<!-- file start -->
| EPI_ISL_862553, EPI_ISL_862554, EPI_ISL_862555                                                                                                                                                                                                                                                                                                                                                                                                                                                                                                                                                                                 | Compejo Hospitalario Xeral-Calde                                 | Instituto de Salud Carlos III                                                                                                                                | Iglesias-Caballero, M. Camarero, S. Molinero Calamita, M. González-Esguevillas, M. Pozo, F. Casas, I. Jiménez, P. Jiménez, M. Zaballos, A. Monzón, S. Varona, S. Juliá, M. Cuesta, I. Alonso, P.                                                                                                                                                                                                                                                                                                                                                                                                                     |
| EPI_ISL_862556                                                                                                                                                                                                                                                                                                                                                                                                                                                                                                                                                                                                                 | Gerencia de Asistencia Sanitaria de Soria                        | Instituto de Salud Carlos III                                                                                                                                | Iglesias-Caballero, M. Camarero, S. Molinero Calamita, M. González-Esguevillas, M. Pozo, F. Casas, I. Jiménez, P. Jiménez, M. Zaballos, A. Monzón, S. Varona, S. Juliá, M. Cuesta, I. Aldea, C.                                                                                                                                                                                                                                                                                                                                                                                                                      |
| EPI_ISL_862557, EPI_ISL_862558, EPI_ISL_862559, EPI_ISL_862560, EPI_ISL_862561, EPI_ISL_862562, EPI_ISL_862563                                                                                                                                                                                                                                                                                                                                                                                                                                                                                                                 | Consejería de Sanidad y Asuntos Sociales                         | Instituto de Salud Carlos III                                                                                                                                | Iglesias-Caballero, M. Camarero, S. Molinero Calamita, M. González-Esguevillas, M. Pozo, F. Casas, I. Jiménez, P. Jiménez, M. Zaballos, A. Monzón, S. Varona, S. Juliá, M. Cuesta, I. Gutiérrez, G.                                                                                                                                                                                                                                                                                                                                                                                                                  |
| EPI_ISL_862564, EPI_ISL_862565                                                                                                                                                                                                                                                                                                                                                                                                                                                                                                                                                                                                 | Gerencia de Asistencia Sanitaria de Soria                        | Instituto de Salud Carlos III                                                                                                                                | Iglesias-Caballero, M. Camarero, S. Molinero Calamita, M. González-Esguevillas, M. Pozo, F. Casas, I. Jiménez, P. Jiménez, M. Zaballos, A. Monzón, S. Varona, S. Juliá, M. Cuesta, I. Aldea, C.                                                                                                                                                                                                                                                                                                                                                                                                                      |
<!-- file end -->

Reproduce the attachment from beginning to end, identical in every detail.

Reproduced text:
| EPI_ISL_862553, EPI_ISL_862554, EPI_ISL_862555                                                                                                                                                                                                                                                                                                                                                                                                                                                                                                                                                                                 | Compejo Hospitalario Xeral-Calde                                 | Instituto de Salud Carlos III                                                                                                                                | Iglesias-Caballero, M. Camarero, S. Molinero Calamita, M. González-Esguevillas, M. Pozo, F. Casas, I. Jiménez, P. Jiménez, M. Zaballos, A. Monzón, S. Varona, S. Juliá, M. Cuesta, I. Alonso, P.                                                                                                                                                                                                                                                                                                                                                                                                                     |
| EPI_ISL_862556                                                                                                                                                                                                                                                                                                                                                                                                                                                                                                                                                                                                                 | Gerencia de Asistencia Sanitaria de Soria                        | Instituto de Salud Carlos III                                                                                                                                | Iglesias-Caballero, M. Camarero, S. Molinero Calamita, M. González-Esguevillas, M. Pozo, F. Casas, I. Jiménez, P. Jiménez, M. Zaballos, A. Monzón, S. Varona, S. Juliá, M. Cuesta, I. Aldea, C.                                                                                                                                                                                                                                                                                                                                                                                                                      |
| EPI_ISL_862557, EPI_ISL_862558, EPI_ISL_862559, EPI_ISL_862560, EPI_ISL_862561, EPI_ISL_862562, EPI_ISL_862563                                                                                                                                                                                                                                                                                                                                                                                                                                                                                                                 | Consejería de Sanidad y Asuntos Sociales                         | Instituto de Salud Carlos III                                                                                                                                | Iglesias-Caballero, M. Camarero, S. Molinero Calamita, M. González-Esguevillas, M. Pozo, F. Casas, I. Jiménez, P. Jiménez, M. Zaballos, A. Monzón, S. Varona, S. Juliá, M. Cuesta, I. Gutiérrez, G.                                                                                                                                                                                                                                                                                                                                                                                                                  |
| EPI_ISL_862564, EPI_ISL_862565                                                                                                                                                                                                                                                                                                                                                                                                                                                                                                                                                                                                 | Gerencia de Asistencia Sanitaria de Soria                        | Instituto de Salud Carlos III                                                                                                                                | Iglesias-Caballero, M. Camarero, S. Molinero Calamita, M. González-Esguevillas, M. Pozo, F. Casas, I. Jiménez, P. Jiménez, M. Zaballos, A. Monzón, S. Varona, S. Juliá, M. Cuesta, I. Aldea, C.                                                                                                                                                                                                                                                                                                                                                                                                                      |